Charter Schools Dilute LAUSD’s Revenue Base Necessary to Pay Retiree Benefits
As LAUSD’s traditional unionized public schools contend with burgeoning per-retiree costs, every student that they lose to charters represents less available revenue to feed the pension funds. Every student lost to charter schools decreases LAUSD’s ratio of active workers to retirees.
These compounding effects are similar to what faced the auto industry back in the 1980s – retirees collecting expensive benefits, supported by companies with fewer workers and lower revenues. The difference, of course, is that public schools, and public sector unions, do not contend with the irresistible reality of global markets. Instead their ultimate solution will be to call for higher taxes.
This prediction is borne out by the strike settlement, which called for more hiring of teachers and support personnel, retroactive raises, and nothing in the form of benefit reductions or higher employee contributions to their benefits through payroll withholding.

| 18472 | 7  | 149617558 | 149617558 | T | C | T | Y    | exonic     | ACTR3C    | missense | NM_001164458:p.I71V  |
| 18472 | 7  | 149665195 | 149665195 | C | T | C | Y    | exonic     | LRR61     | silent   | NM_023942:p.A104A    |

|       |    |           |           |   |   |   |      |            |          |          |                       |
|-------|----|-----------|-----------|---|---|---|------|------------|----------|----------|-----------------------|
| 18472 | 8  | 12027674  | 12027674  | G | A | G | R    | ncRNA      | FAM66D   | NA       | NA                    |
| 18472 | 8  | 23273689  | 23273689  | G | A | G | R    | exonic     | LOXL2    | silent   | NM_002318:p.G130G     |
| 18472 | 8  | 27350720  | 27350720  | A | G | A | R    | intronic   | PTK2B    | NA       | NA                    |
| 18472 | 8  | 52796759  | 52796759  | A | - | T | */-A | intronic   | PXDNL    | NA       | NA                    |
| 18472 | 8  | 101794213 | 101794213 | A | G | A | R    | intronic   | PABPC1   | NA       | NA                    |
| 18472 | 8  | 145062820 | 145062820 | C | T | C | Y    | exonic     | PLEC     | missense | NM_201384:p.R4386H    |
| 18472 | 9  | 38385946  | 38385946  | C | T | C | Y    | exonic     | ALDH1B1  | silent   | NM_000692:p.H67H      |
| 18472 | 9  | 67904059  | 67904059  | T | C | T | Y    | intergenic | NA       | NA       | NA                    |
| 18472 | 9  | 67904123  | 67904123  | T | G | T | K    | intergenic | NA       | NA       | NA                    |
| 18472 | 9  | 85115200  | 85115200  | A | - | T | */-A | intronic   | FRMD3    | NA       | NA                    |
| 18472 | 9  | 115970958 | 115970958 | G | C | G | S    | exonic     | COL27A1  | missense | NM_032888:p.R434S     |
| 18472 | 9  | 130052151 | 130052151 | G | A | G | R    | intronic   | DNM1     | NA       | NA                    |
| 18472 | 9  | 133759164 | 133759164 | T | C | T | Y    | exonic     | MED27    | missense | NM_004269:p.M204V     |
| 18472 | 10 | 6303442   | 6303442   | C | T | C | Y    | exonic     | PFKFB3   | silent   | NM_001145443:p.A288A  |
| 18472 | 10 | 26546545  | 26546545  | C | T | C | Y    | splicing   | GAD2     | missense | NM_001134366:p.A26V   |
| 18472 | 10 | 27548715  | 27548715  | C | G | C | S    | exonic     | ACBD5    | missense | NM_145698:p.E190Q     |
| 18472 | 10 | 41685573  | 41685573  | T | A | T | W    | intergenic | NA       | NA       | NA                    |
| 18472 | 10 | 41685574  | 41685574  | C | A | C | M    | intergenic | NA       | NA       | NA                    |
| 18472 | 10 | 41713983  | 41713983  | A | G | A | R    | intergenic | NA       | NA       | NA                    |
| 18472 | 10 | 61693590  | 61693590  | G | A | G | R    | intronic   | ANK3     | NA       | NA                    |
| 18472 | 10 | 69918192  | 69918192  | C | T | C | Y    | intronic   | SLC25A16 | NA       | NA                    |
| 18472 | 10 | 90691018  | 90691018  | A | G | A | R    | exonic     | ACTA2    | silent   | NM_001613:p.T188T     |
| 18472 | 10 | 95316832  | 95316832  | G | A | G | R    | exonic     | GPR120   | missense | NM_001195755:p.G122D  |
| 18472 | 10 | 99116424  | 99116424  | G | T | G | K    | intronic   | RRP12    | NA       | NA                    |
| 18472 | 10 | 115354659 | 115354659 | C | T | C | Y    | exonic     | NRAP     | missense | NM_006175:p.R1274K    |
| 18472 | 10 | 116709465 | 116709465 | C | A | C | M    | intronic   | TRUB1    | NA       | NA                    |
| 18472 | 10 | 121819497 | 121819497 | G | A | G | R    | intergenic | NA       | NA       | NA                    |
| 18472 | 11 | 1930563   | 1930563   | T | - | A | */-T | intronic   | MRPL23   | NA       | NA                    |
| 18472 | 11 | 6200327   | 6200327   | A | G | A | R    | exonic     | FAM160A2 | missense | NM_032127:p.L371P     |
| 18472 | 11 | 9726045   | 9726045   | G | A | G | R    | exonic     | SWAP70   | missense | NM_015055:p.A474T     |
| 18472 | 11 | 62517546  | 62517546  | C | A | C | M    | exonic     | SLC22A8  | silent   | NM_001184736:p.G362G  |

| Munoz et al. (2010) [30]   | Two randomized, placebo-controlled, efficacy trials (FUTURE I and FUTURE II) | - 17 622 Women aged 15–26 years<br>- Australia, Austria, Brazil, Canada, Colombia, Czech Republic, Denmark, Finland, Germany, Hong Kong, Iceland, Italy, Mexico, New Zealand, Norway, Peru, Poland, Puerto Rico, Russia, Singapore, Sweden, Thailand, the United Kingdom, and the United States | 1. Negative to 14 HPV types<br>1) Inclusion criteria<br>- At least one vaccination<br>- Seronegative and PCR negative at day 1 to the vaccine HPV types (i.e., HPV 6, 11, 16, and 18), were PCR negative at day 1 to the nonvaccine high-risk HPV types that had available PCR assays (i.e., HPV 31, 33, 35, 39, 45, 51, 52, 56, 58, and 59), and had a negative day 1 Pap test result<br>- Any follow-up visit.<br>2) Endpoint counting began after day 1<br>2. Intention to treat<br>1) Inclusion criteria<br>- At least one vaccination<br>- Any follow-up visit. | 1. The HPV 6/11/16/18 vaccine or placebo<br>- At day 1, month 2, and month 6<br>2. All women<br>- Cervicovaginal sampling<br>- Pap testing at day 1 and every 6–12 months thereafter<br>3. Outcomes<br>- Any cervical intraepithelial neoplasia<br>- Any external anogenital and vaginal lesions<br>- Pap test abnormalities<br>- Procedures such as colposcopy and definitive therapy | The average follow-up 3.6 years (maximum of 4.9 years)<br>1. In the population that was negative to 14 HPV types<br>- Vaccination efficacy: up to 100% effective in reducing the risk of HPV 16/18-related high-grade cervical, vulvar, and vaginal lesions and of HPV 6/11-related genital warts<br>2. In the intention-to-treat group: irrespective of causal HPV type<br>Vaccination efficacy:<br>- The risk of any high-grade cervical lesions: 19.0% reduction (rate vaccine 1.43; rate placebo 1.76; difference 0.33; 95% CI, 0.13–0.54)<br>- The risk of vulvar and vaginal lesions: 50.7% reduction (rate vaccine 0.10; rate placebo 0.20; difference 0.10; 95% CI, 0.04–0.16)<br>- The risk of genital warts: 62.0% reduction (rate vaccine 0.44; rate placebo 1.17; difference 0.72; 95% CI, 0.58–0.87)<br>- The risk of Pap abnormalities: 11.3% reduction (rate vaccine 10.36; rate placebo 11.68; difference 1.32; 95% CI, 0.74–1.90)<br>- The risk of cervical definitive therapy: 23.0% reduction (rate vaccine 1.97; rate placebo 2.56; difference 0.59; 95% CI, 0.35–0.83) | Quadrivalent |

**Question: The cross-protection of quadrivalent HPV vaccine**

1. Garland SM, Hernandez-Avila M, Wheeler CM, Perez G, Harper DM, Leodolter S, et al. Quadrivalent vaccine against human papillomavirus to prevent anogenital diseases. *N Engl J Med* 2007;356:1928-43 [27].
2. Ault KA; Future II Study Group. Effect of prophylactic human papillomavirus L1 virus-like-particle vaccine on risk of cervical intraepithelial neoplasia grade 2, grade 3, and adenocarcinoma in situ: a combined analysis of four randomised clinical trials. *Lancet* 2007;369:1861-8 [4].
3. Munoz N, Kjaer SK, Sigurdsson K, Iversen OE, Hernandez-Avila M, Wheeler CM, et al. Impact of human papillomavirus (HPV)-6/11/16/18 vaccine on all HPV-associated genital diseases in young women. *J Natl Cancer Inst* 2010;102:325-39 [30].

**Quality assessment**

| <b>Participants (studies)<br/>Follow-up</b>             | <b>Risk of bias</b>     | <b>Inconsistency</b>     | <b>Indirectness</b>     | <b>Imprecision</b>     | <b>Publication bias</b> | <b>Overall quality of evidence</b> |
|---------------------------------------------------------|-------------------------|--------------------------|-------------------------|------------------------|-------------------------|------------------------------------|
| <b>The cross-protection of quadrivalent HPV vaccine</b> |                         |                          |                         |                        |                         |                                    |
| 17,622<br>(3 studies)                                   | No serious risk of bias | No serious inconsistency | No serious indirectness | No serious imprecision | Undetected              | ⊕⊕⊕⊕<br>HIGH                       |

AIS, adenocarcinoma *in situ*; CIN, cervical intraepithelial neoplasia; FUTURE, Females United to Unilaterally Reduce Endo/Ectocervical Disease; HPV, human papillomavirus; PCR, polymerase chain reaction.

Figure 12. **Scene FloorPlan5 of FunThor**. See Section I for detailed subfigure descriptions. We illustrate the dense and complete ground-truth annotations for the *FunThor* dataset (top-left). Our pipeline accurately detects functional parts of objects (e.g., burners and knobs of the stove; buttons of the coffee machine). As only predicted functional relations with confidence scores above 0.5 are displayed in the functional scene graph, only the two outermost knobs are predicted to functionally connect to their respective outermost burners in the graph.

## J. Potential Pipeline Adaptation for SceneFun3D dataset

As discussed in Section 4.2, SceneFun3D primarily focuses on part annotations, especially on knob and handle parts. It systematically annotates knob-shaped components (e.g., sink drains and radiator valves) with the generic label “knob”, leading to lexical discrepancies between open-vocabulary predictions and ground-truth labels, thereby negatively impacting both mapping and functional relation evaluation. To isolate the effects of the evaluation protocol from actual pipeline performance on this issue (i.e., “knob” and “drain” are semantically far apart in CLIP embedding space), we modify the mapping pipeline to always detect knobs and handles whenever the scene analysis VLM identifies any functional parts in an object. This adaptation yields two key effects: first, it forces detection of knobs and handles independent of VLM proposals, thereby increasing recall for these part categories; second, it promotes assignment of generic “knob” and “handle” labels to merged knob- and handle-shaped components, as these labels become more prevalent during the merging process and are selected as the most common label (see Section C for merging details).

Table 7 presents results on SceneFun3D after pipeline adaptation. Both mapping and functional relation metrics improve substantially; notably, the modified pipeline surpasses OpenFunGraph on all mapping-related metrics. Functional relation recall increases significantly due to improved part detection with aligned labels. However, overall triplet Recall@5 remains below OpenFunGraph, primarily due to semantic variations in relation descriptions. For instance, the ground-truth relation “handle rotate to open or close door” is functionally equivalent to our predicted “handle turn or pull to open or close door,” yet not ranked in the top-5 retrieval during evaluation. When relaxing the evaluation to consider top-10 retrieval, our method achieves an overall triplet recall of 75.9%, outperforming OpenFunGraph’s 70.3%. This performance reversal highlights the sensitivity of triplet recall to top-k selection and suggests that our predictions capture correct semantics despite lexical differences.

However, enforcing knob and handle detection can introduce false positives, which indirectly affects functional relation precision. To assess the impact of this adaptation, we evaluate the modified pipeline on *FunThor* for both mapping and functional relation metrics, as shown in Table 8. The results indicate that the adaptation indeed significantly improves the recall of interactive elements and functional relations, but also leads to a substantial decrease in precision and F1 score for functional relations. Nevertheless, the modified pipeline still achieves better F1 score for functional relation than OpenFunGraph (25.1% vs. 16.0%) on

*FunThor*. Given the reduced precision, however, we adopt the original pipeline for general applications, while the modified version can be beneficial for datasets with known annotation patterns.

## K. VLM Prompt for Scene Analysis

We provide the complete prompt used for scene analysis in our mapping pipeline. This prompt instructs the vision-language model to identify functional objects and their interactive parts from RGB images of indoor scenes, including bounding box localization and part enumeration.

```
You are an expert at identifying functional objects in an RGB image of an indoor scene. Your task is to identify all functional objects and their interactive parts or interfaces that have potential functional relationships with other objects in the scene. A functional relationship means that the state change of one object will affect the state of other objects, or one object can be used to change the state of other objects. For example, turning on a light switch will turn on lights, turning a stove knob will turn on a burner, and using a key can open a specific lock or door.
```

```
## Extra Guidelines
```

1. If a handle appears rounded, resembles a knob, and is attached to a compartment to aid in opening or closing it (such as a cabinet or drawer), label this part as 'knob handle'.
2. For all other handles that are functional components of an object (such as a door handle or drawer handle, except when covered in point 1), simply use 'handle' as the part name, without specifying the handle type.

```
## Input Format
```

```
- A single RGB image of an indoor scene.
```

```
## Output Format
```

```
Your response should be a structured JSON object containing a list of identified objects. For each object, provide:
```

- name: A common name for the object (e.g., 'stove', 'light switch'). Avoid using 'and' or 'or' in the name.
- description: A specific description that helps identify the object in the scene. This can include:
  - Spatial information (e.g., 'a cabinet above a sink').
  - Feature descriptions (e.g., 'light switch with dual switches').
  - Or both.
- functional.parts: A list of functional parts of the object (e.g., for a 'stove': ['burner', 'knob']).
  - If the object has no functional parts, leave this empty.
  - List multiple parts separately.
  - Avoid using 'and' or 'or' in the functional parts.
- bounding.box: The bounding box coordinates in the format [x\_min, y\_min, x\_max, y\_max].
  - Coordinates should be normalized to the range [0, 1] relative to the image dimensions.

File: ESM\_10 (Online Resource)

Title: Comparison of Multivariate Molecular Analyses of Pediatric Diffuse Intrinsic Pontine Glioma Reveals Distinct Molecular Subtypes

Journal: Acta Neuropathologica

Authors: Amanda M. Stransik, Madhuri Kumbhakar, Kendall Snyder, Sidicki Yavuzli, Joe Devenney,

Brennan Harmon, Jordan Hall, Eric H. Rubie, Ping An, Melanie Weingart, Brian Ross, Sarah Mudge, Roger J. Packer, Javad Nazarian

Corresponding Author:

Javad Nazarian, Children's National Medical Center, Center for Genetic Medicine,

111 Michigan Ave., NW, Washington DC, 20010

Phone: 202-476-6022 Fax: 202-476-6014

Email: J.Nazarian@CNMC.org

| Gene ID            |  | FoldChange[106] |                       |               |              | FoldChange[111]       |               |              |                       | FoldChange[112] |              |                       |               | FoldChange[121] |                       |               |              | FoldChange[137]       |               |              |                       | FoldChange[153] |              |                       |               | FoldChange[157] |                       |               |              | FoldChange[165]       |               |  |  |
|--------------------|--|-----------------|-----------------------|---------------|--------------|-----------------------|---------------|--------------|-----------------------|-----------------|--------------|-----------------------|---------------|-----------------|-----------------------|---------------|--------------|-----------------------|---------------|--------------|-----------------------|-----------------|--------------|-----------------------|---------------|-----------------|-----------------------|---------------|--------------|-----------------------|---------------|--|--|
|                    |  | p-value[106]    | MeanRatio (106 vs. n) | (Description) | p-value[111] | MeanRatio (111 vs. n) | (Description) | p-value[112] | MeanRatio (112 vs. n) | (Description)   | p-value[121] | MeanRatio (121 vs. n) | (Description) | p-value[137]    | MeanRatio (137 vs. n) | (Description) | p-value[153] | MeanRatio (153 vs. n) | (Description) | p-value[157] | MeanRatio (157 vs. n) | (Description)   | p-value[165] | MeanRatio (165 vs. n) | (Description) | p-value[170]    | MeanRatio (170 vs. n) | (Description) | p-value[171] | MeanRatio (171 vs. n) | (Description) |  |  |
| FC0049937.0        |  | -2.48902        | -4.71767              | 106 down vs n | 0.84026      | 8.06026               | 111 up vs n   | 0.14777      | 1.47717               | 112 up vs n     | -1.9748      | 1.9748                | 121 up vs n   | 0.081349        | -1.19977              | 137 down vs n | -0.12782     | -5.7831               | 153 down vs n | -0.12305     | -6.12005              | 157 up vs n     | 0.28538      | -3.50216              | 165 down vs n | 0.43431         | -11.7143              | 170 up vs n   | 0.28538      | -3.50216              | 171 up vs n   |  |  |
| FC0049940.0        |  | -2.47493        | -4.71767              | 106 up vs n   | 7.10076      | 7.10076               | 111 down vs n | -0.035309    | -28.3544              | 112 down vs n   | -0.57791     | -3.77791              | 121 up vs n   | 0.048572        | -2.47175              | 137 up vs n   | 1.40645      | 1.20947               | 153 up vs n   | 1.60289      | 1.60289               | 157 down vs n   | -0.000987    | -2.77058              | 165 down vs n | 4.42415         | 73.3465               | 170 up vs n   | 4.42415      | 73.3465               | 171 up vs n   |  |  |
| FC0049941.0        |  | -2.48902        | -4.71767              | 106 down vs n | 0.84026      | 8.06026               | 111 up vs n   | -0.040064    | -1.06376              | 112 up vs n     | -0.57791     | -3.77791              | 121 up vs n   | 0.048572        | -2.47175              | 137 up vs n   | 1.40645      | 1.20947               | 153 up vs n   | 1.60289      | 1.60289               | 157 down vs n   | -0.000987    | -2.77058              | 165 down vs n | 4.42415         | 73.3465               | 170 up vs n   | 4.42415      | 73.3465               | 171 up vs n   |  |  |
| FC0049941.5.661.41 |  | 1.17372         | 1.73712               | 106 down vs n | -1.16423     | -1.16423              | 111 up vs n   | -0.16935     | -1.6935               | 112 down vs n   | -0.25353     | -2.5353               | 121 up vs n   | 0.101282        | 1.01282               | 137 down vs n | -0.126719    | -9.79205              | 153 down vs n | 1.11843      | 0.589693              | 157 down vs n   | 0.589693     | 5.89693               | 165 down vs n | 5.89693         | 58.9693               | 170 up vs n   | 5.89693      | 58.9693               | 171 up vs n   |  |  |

The other key victory for the union, an aggressive stance by the LAUSD Board against any new charter schools, is a rear guard action to preserve the revenue base necessary to pay retiree benefits. Stop the charters, or reform pensions and retiree healthcare formulas. It was one or the other. But all this war on charters does is buy time.
LAUSD Will Eventually Have to Adapt to Financial Reality
Sooner or later, financial reality will strike. LAUSD’s total expenses in 2016-17 were $7.6 billion. Benefits constituted $1.9 billion. Twenty-five percent of all spending. Ten years from now, those benefit costs are likely to double, as the pension fund payments rise to around $1.2 billion, annual OPEB contributions near the $1.0 billion level, and current benefits – which constituted around $900 million in spending in 2016-17 – rise with inflation. Can LAUSD afford to pay current and retiree benefits equal to 40 percent of all spending? Will higher taxes, to enable much higher per student reimbursements – make up the difference?